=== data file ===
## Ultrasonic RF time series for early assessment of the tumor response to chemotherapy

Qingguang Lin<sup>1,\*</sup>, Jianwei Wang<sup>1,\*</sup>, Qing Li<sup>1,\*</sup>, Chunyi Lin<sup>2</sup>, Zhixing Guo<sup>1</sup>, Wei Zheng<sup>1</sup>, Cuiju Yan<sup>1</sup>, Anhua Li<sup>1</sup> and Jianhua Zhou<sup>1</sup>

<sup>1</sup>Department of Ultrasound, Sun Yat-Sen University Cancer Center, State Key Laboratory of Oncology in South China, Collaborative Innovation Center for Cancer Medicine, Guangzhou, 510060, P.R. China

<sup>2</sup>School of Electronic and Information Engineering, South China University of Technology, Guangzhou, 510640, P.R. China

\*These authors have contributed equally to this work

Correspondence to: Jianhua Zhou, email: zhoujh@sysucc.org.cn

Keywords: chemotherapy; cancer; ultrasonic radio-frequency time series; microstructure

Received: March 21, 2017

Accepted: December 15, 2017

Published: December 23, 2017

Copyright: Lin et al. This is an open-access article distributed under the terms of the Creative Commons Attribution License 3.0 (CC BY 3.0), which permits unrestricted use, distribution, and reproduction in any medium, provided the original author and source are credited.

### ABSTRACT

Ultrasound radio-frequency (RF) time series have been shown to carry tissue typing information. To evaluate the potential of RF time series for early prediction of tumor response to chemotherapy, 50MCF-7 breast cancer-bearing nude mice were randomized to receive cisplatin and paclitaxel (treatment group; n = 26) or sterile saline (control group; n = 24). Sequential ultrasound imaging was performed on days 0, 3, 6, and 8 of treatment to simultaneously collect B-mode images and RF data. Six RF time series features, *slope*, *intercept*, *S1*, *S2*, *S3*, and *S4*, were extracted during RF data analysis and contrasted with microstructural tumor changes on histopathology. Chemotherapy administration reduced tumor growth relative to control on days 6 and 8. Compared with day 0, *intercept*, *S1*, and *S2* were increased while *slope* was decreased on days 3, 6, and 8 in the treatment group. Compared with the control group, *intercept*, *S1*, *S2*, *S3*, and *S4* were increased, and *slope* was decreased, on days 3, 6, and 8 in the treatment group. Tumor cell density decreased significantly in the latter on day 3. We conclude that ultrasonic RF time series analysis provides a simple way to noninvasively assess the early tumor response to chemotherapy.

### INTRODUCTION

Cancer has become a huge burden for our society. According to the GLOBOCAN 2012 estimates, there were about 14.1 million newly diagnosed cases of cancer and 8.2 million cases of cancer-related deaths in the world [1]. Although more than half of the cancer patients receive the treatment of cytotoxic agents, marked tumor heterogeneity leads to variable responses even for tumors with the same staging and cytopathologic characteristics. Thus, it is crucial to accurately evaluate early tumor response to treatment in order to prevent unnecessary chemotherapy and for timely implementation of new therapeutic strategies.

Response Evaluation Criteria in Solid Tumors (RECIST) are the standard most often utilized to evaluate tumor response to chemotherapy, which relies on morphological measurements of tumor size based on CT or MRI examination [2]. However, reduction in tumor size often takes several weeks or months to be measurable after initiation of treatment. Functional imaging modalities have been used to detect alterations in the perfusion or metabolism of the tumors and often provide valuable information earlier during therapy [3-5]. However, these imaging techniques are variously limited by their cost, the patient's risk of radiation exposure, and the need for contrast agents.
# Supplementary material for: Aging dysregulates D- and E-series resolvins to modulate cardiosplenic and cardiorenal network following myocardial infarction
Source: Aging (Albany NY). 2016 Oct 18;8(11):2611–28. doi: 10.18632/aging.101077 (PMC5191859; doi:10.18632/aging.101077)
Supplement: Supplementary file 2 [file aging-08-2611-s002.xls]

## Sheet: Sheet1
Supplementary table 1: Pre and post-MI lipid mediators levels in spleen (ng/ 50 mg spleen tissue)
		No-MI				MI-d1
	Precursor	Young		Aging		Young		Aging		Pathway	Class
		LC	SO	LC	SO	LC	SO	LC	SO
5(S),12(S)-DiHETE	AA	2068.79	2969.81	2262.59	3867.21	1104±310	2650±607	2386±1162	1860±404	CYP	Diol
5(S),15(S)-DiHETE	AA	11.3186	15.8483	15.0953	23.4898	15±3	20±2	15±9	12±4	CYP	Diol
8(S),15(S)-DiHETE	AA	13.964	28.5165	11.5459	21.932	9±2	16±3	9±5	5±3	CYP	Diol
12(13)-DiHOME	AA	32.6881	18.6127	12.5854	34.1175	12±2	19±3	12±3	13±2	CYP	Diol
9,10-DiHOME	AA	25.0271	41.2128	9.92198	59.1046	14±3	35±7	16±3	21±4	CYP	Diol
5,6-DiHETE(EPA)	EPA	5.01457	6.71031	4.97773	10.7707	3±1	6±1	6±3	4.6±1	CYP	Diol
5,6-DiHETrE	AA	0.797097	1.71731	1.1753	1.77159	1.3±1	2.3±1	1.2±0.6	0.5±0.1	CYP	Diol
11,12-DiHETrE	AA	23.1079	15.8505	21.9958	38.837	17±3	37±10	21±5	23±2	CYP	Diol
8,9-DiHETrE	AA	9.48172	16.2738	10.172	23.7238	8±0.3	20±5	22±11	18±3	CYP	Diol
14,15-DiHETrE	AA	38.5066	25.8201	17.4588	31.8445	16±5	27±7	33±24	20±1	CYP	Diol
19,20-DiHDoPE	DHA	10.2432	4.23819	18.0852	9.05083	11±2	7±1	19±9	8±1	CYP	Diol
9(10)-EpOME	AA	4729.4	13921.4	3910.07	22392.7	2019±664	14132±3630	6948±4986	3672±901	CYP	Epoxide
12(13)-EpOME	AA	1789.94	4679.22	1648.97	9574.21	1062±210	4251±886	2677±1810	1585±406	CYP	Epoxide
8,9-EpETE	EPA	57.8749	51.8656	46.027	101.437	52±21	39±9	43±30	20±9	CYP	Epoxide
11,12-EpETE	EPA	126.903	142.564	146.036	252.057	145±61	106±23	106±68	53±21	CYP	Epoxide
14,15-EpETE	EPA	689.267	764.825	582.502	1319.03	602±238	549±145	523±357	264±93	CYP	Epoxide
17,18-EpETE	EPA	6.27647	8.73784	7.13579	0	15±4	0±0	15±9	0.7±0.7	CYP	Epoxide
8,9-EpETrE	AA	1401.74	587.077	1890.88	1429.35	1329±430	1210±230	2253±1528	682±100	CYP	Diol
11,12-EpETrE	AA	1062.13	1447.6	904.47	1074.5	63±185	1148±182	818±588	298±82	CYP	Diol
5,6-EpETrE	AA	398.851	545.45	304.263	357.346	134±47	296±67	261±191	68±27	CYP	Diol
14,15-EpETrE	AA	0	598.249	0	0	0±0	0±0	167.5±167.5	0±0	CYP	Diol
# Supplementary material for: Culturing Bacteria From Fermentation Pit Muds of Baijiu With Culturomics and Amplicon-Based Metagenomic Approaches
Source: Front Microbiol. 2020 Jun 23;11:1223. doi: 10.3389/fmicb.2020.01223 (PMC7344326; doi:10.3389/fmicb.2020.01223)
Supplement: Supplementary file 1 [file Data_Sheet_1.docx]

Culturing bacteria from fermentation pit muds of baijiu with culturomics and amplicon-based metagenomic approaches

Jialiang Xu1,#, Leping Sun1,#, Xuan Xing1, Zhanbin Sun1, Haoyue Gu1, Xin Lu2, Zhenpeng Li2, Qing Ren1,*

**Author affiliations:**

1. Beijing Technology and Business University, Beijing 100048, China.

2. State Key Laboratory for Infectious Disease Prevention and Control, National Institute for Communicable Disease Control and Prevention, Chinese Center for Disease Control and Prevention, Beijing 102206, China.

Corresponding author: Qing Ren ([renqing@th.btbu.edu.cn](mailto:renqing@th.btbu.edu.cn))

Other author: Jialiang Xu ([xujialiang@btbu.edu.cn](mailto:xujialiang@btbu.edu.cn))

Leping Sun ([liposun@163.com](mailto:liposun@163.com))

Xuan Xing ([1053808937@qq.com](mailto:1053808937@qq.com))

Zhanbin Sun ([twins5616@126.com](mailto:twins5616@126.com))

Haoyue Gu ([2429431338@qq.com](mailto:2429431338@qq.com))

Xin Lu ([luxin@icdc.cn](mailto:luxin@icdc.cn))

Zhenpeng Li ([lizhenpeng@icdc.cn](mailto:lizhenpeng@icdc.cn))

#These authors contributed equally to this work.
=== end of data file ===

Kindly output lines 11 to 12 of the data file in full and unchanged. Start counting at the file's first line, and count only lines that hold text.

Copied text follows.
Copyright: Lin et al. This is an open-access article distributed under the terms of the Creative Commons Attribution License 3.0 (CC BY 3.0), which permits unrestricted use, distribution, and reproduction in any medium, provided the original author and source are credited.

### ABSTRACT